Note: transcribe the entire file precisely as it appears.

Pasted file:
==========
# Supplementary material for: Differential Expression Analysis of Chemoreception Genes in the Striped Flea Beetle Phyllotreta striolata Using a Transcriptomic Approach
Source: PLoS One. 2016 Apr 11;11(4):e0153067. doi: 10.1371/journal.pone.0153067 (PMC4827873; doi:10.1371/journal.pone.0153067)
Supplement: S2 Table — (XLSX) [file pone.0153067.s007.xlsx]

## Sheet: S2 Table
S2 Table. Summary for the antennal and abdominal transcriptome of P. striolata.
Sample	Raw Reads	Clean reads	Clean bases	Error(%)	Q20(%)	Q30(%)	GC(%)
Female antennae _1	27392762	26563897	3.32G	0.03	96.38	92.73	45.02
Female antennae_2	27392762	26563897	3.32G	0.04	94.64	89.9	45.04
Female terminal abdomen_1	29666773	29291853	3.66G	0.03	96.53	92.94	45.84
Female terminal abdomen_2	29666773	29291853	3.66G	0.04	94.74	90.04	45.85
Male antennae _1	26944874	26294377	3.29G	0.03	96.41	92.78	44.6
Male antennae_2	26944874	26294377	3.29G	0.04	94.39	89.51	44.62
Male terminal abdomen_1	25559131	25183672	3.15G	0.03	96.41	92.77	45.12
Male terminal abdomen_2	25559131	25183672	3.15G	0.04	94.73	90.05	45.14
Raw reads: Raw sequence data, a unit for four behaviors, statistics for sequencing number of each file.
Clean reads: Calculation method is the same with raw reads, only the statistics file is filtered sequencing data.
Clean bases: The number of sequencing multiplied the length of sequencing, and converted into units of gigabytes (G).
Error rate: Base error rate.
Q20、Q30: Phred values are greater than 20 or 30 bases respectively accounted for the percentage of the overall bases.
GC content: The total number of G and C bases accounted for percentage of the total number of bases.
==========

# Supplementary material for: Differential Expression Analysis of Chemoreception Genes in the Striped Flea Beetle Phyllotreta striolata Using a Transcriptomic Approach
Source: PLoS One. 2016 Apr 11;11(4):e0153067. doi: 10.1371/journal.pone.0153067 (PMC4827873; doi:10.1371/journal.pone.0153067)
Supplement: S2 Table — (XLSX) [file pone.0153067.s007.xlsx]

## Sheet: S2 Table
S2 Table. Summary for the antennal and abdominal transcriptome of P. striolata.
Sample	Raw Reads	Clean reads	Clean bases	Error(%)	Q20(%)	Q30(%)	GC(%)
Female antennae _1	27392762	26563897	3.32G	0.03	96.38	92.73	45.02
Female antennae_2	27392762	26563897	3.32G	0.04	94.64	89.9	45.04
Female terminal abdomen_1	29666773	29291853	3.66G	0.03	96.53	92.94	45.84
Female terminal abdomen_2	29666773	29291853	3.66G	0.04	94.74	90.04	45.85
Male antennae _1	26944874	26294377	3.29G	0.03	96.41	92.78	44.6
Male antennae_2	26944874	26294377	3.29G	0.04	94.39	89.51	44.62
Male terminal abdomen_1	25559131	25183672	3.15G	0.03	96.41	92.77	45.12
Male terminal abdomen_2	25559131	25183672	3.15G	0.04	94.73	90.05	45.14
Raw reads: Raw sequence data, a unit for four behaviors, statistics for sequencing number of each file.
Clean reads: Calculation method is the same with raw reads, only the statistics file is filtered sequencing data.
Clean bases: The number of sequencing multiplied the length of sequencing, and converted into units of gigabytes (G).
Error rate: Base error rate.
Q20、Q30: Phred values are greater than 20 or 30 bases respectively accounted for the percentage of the overall bases.
GC content: The total number of G and C bases accounted for percentage of the total number of bases.